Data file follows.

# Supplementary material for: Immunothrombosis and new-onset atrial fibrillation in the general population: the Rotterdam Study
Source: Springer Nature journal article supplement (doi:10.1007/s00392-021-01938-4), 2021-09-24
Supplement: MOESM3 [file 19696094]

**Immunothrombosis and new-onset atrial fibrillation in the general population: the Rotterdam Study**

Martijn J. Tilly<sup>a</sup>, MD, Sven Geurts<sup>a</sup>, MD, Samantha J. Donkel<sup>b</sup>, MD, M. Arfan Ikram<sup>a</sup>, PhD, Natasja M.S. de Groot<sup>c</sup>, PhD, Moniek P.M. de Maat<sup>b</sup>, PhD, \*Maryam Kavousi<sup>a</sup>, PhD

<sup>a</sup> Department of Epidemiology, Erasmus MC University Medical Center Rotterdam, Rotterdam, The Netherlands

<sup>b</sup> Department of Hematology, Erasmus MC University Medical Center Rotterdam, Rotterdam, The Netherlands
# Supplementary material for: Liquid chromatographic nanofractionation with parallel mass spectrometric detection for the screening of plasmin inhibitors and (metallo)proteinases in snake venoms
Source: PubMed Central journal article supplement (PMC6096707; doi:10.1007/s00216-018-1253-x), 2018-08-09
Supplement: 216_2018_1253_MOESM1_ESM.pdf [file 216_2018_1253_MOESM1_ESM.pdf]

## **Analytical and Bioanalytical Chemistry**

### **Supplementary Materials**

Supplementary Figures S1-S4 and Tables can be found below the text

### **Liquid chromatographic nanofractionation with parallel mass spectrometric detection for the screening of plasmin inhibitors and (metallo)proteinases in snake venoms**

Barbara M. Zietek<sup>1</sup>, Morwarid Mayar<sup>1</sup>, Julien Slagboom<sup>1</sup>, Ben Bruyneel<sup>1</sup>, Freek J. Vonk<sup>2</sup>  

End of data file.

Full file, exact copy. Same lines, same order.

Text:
# Supplementary material for: Immunothrombosis and new-onset atrial fibrillation in the general population: the Rotterdam Study
Source: Springer Nature journal article supplement (doi:10.1007/s00392-021-01938-4), 2021-09-24
Supplement: MOESM3 [file 19696094]

**Immunothrombosis and new-onset atrial fibrillation in the general population: the Rotterdam Study**

Martijn J. Tilly<sup>a</sup>, MD, Sven Geurts<sup>a</sup>, MD, Samantha J. Donkel<sup>b</sup>, MD, M. Arfan Ikram<sup>a</sup>, PhD, Natasja M.S. de Groot<sup>c</sup>, PhD, Moniek P.M. de Maat<sup>b</sup>, PhD, \*Maryam Kavousi<sup>a</sup>, PhD

<sup>a</sup> Department of Epidemiology, Erasmus MC University Medical Center Rotterdam, Rotterdam, The Netherlands

<sup>b</sup> Department of Hematology, Erasmus MC University Medical Center Rotterdam, Rotterdam, The Netherlands
# Supplementary material for: Liquid chromatographic nanofractionation with parallel mass spectrometric detection for the screening of plasmin inhibitors and (metallo)proteinases in snake venoms
Source: PubMed Central journal article supplement (PMC6096707; doi:10.1007/s00216-018-1253-x), 2018-08-09
Supplement: 216_2018_1253_MOESM1_ESM.pdf [file 216_2018_1253_MOESM1_ESM.pdf]

## **Analytical and Bioanalytical Chemistry**

### **Supplementary Materials**

Supplementary Figures S1-S4 and Tables can be found below the text

### **Liquid chromatographic nanofractionation with parallel mass spectrometric detection for the screening of plasmin inhibitors and (metallo)proteinases in snake venoms**

Barbara M. Zietek<sup>1</sup>, Morwarid Mayar<sup>1</sup>, Julien Slagboom<sup>1</sup>, Ben Bruyneel<sup>1</sup>, Freek J. Vonk<sup>2</sup>  